Bitcoin stabilized around $29,600 at press time Tuesday after breaking below the important $30,000 level on Monday. The world’s largest cryptocurrency has been in a downtrend trend since failing to hold an all-time high around $63,000 in April. Concerns about regulatory risks, less accommodative monetary policy and fading institutional demand have contributed to selling pressure over the past few months.
Edward Moya, analyst at the foreign exchange brokerage firm Oanda, described bitcoin’s trading environment as a “tug of war between bears and bulls,” in an email to CoinDesk.
“Bitcoin’s longer-term bullish outlook depends on some mainstream adoption across the U.S. and Europe, and for some that appears to be at risk,” wrote Moya.
- S&P 500: 4324, +1.54%
- Gold: $1809.9, -0.2%
- 10-year Treasury yield closed at 1.213%, compared with 1.201% on Monday
The European Union Commission is proposing a revamp of anti-money laundering rules, which could include banning anonymous crypto asset wallets. That did not help market sentiment on Tuesday, according to Moya.
“We see that at the federal and state levels, the falling price of bitcoin and resulting financial losses for many retail investors will only focus more regulatory scrutiny on this market,” wrote Timothy Butler, partner at Troutman Pepper, in an email to CoinDesk.
Aside from regulatory uncertainty, traders will also be alert for comments from Tesla CEO Elon Musk, who is scheduled to speak at The B Word conference on Wednesday. Musk’s appearance is especially timely given the potential for bitcoin to drop towards $25,000, which would mean Tesla could suffer a $300 million hit to its earnings, according to Shawn Tully, a senior editor at Fortune.
Short-term implied volatility rose as bitcoin broke below $30,000, indicating that cryptocurrency options traders see sharp price moves ahead. Volume, however, remains low, in the $20,000 to $30,000 price range.
“Continued pressure at these levels could see continuation to the downside,” wrote Nathan Cox, chief investment officer at digital asset investment firm Two Prime, in an email to CoinDesk.
Bitcoin futures on the Chicago Mercantile Exchange (CME) have shifted into "backwardation," which is when futures trade at a discount to the spot price. This is the second time that regulated futures on the CME are trading at backwardation in the last seven days, according to a Tuesday report by Arcane Research.
“Institutional investors seem very cautious at the moment, and in general seem to be in the process of de-risking,” Arcane wrote.
“The declining trend in the futures market indicates that fear is accumulating as long as traders are no longer willing to pay a premium for their exposure.”
Bitcoin’s drawdown, or the percentage decline from the April peak around $63,000, is roughly 50%. Typically, drawdowns that exceed 50% can last for several months, similar to 2018 and the second-half of 2019.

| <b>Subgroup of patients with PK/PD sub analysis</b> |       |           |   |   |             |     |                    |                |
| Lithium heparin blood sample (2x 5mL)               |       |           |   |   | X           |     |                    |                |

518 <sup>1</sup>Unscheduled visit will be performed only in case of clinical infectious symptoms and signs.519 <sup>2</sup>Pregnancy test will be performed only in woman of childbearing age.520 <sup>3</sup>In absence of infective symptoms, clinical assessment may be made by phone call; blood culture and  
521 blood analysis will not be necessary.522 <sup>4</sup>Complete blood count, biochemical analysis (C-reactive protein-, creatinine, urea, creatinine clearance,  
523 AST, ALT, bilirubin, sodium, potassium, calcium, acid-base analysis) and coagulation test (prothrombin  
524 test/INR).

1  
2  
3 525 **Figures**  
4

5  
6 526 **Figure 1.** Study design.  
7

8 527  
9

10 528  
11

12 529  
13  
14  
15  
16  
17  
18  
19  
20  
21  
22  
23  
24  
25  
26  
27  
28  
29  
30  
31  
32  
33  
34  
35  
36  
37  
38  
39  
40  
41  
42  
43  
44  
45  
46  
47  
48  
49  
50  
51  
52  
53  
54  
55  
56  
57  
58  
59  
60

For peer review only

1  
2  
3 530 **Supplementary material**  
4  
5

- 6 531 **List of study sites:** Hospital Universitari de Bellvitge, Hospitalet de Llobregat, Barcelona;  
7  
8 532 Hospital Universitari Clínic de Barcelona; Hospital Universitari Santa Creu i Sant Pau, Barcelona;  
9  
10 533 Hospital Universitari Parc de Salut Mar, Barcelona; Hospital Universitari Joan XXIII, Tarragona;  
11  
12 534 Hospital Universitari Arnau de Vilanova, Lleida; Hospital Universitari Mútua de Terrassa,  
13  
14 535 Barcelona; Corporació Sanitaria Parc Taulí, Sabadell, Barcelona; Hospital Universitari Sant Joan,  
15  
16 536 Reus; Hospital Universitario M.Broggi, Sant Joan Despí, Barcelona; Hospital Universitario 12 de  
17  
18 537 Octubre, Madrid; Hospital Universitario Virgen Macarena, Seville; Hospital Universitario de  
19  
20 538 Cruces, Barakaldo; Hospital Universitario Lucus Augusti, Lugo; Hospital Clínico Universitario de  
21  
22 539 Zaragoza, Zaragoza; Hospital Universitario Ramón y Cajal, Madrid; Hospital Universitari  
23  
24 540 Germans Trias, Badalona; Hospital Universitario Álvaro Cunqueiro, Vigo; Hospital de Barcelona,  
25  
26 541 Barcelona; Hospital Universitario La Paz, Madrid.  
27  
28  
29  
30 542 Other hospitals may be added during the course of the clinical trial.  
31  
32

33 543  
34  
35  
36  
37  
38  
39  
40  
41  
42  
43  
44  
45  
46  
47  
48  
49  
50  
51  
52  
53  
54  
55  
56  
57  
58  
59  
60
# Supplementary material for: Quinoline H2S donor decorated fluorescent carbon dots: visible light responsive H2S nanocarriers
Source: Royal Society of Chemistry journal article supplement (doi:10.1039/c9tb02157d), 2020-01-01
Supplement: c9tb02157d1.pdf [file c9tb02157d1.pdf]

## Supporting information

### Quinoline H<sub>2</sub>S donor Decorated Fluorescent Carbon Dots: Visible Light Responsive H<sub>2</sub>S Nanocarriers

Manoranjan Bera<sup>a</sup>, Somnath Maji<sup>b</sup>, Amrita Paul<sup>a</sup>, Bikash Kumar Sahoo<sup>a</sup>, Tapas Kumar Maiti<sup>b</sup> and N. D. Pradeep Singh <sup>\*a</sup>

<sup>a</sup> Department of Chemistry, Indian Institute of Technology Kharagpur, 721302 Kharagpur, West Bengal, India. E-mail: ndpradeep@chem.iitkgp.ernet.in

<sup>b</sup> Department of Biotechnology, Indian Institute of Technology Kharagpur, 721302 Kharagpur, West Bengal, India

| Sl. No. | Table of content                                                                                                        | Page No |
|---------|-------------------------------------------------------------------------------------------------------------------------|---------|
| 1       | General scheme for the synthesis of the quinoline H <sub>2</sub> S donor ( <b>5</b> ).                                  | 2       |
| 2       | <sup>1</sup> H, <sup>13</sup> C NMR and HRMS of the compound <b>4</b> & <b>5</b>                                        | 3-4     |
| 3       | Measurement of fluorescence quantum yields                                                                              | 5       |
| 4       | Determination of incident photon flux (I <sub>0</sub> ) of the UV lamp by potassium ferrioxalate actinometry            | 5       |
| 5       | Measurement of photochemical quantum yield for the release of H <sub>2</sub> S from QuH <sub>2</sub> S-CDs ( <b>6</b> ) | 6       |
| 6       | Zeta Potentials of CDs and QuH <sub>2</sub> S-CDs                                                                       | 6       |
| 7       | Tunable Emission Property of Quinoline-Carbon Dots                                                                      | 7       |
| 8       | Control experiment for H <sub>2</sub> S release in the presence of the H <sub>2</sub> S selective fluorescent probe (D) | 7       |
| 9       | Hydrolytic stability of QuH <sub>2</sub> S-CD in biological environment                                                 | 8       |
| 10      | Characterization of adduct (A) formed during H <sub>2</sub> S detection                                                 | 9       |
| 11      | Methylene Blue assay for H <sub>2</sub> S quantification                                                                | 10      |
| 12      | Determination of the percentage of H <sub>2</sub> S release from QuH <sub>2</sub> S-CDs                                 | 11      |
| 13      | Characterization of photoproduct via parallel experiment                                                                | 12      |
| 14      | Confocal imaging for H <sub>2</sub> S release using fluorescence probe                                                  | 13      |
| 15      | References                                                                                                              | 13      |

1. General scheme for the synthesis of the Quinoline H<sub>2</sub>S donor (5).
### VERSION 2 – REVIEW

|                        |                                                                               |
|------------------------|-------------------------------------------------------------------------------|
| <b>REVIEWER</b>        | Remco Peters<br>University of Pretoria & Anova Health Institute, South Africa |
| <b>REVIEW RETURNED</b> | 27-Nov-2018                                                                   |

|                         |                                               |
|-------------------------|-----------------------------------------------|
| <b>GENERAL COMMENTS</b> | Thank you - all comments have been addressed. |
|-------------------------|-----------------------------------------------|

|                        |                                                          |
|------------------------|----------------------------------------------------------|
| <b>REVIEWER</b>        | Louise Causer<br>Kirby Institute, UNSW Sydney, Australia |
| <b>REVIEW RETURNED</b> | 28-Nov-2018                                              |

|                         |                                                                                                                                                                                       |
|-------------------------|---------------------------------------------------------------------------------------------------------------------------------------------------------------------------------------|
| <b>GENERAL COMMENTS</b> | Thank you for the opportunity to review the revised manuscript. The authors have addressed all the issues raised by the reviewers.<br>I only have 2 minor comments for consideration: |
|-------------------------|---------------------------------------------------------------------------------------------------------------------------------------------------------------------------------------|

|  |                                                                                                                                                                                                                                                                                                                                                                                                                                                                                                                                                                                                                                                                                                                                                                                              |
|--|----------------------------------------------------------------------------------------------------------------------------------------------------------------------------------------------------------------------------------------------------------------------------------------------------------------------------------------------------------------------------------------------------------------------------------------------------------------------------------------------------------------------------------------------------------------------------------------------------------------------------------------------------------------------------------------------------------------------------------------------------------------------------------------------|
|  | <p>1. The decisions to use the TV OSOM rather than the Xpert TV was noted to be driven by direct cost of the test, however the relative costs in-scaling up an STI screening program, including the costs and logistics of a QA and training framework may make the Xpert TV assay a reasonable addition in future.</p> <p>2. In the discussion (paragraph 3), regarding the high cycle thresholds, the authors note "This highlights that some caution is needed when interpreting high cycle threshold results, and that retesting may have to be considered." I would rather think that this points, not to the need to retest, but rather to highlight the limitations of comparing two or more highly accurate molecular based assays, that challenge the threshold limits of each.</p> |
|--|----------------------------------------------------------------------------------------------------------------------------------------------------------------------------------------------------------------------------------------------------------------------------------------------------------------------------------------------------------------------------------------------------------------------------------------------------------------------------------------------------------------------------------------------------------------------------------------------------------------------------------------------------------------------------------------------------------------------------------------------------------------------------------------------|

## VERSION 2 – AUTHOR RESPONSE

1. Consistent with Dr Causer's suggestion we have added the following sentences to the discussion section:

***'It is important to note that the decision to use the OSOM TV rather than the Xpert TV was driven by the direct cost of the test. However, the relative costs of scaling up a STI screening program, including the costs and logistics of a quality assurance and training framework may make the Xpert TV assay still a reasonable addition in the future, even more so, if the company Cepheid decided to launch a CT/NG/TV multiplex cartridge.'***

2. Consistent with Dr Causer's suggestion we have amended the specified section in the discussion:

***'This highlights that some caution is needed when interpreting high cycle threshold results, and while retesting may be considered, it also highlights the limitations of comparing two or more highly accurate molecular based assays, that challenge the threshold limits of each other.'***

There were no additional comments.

Two decisive daily closes below $30,000 are needed to confirm a breakdown, wrote Katie Stockton, managing director of Fairlead Strategies, in an email to CoinDesk. For now, secondary support is at $27,000, which bitcoin will need to hold in order to maintain a long-term uptrend.
Weak institutional demand
The Purpose Exchange-Traded Fund, one of the first approved bitcoin exchange-traded products (ETPs), has seen a slowdown in net inflows this week after experiencing a period of relatively strong demand in May and June, according to a report by Glassnode.
The slowdown suggests institutional demand for the largest currency by market cap remains weak across these regulated products, according to Glassnode.
Where to from here
Among 42 cryptocurrency experts surveyed by Finder, 61% think that bitcoin is currently undervalued, while the experts on average expect bitcoin to reach $66,284 per BTC by the end of 2021.
“Adoption by corporations and institutional investors paired with a loose monetary policy and high asset inflation will propel bitcoin to six figures before the end of this year,” Morpher CEO Martin Fröehler, the most bullish among the panelists, told Finder.
University of Canberra senior lecturer John Hawkins, one of the most bearish panelists, said that government adoption of bitcoin will adversely affect the cryptocurrency’s price. “I’m assuming El Salvador adopting it as legal tender puts a floor for a while. But after the price has dropped a lot, they may remove the legal tender status.”
- DOGE: A recent shakeout in meme tokens, a sector best known by the Shiba Inu-themed dogecoin, indicates that retail investors are exiting their positions in cryptocurrencies as recent market sell-offs have spooked many crypto newcomers. Momentum appears to have dissipated in an oversaturated market for meme coins, wrote CoinDesk’s Muyao Shen.
- USDC: Circle, a global payments company, was one of USDC’s creators. It published a breakdown of its assets backing the stablecoin for the first time in its latest attestation report, which was dated July 16. According to the report, about 61% of its tokens are backed by “cash and cash equivalents,” meaning cash and money market funds, wrote CoinDesk’s Nikhilesh De.
Most digital assets on CoinDesk 20 ended up lower on Tuesday. In fact, everything was in the red except for dollar-linked stablecoins.
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